The plague: not so bad, thanks to Lena


In a career spanning little

more than 15 years, Lena Headey has appeared in close to

50 films. On-screen, she’s portrayed the tough-as-nails Queen

Gorgo (300), the tough-as-nails Sarah Connor (Terminator:

The Sarah Connor Chronicles
), the tough-as-nails super-sexy cave-diving

scientist Kathryn (The Cave), and Luce, the … uh … hot-as-nails

florist who wins Piper Perabo’s heart (Imagine Me and You).

Hell, if you dig deep enough into Headey’s past, you’ll even find

that she’s appeared alongside a certain mulleted secret agent: I’m

talking about the 1994 made-for-TV film MacGyver: Trail to

. My current to-do list has increased by one; to wit:

1) get peanut butter, 2) learn to live without sleep so I can play the

new Silent Hill game all the time, 3) see MacGyver: Trail

to Doomsday

Though I’d leap at the chance

to watch Headey read the phone book (eh, who am I kidding — I’d leap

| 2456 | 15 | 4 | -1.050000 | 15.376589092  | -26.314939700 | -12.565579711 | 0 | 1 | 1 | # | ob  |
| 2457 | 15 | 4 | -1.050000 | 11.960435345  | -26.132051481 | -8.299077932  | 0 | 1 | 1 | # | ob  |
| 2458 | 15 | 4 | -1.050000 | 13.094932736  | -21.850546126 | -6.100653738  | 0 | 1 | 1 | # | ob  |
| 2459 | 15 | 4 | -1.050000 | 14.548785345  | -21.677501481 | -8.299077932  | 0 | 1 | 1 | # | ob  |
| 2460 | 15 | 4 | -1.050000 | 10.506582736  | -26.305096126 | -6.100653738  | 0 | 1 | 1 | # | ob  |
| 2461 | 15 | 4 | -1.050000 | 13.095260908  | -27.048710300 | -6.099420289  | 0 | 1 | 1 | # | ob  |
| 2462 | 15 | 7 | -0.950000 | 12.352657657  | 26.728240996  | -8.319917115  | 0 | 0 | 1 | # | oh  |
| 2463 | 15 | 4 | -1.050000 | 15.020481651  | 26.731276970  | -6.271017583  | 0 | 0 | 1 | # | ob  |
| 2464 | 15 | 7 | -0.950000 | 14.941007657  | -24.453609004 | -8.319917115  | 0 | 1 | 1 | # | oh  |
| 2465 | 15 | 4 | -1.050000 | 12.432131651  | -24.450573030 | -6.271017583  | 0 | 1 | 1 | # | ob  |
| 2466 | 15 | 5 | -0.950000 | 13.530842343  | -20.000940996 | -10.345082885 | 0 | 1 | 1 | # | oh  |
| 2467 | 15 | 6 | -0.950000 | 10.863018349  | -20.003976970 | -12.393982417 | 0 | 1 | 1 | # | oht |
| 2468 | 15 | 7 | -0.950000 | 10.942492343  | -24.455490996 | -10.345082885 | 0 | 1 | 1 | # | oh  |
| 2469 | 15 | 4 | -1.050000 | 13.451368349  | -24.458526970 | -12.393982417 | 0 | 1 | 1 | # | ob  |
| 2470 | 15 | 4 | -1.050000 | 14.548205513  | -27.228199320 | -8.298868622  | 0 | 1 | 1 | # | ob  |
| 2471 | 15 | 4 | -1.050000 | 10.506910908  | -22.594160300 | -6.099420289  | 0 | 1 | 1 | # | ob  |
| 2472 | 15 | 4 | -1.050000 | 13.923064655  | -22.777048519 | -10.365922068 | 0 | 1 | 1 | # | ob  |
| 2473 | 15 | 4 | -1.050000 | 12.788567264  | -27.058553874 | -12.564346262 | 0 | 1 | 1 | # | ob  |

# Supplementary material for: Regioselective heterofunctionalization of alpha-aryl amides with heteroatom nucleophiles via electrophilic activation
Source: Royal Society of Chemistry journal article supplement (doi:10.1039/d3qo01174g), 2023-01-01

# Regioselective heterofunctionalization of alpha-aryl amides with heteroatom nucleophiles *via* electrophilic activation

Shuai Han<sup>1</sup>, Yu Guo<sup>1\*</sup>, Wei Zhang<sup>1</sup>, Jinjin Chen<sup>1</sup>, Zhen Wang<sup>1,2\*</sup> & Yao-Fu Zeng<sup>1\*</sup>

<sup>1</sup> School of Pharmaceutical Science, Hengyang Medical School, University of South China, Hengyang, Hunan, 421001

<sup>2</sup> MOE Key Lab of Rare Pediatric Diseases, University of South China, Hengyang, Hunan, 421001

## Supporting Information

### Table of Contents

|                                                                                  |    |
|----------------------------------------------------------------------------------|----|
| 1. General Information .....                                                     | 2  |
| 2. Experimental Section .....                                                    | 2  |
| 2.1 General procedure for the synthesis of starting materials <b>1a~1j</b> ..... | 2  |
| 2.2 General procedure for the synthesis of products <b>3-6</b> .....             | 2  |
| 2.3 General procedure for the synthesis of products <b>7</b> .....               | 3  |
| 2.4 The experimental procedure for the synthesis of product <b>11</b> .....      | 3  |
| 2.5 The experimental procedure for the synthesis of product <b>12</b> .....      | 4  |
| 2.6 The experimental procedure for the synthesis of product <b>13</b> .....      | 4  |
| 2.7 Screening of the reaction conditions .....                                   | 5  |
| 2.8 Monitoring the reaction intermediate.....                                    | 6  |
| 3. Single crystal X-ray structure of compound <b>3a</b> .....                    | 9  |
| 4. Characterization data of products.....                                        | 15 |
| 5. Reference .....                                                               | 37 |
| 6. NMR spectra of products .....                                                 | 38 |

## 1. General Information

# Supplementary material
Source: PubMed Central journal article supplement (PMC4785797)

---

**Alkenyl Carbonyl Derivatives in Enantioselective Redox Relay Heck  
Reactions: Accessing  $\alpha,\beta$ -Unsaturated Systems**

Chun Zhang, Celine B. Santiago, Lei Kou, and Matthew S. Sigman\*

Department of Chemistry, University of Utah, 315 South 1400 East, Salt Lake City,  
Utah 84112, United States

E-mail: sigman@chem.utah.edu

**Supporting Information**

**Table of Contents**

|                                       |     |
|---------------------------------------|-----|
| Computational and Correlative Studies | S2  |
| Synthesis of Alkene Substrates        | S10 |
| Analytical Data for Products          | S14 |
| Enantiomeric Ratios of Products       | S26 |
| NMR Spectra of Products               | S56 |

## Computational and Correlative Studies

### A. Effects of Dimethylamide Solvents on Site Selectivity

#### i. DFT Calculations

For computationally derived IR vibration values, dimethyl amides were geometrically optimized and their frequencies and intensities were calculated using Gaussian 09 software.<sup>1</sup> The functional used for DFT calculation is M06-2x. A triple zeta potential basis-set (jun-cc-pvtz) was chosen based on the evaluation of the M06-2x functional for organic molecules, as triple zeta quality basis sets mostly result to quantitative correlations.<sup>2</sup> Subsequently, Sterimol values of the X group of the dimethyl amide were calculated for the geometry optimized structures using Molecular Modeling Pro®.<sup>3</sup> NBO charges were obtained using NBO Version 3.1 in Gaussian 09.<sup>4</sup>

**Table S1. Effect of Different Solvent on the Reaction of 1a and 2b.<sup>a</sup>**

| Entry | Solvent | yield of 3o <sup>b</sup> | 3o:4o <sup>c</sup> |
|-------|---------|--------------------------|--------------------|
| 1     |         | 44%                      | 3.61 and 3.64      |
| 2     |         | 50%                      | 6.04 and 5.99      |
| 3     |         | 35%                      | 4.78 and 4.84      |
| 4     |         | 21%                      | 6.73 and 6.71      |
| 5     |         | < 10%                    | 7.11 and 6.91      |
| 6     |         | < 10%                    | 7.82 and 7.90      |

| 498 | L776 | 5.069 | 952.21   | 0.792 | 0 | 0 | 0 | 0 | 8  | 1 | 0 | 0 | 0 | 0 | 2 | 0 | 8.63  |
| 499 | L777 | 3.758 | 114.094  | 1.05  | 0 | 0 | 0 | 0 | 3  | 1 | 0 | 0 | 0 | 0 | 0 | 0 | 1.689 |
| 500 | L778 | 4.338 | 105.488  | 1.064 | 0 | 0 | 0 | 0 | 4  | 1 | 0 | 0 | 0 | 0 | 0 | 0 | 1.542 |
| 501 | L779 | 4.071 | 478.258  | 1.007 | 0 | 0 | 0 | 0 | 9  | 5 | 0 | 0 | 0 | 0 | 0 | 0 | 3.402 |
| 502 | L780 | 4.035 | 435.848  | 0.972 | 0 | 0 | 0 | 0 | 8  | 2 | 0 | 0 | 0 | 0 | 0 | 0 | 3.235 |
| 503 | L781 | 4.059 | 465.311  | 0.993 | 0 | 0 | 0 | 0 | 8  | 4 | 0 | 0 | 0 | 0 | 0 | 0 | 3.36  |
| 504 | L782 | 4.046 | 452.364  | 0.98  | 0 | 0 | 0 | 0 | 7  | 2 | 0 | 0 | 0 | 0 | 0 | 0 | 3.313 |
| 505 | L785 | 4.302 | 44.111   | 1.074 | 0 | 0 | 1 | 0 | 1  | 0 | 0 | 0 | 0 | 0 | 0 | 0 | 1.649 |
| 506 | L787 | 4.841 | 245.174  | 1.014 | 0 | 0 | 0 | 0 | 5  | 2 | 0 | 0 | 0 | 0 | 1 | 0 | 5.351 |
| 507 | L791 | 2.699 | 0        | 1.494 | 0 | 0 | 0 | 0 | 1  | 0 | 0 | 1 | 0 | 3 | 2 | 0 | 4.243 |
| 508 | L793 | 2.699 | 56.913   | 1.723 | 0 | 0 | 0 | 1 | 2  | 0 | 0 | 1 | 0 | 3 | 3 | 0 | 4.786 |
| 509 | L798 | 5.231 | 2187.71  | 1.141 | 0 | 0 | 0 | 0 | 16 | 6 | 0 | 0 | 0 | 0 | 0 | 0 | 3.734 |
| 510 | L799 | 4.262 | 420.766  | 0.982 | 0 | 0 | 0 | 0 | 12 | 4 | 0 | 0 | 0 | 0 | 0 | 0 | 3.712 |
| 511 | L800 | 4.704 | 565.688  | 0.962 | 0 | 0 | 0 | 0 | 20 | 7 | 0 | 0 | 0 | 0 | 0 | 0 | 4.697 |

at the chance to watch Headey simply look at a phone book), as

a horror fan I’m psyched because she’s got several genre flicks

coming down the pike: The Broken, an Invasion of the Body

–esque thriller which earned good reviews at this year’s

Sundance Film Festival; and the just-announced Black Death, an

apocalyptic medieval gothic horror film about necromancy and … you know,

that bubonic plague thing.

In The Broken, Headey

is Gina McVey, a woman who becomes a bit disturbed one fine day when

she sees herself drive by in her own car. I can understand how

this might be unnerving if it happened to you, but to me it means there’s

more than one Lena Headey in the world, a prospect I’m pretty sure

I could live with.

Black Death, currently

in preproduction, finds Headey leading a village and, according to

The Hollywood Reporter, making

“a pact with the forces of darkness.” Frankly, she can make

all the evil deals she wants; I’ll still elect her into office.

Zergnet Code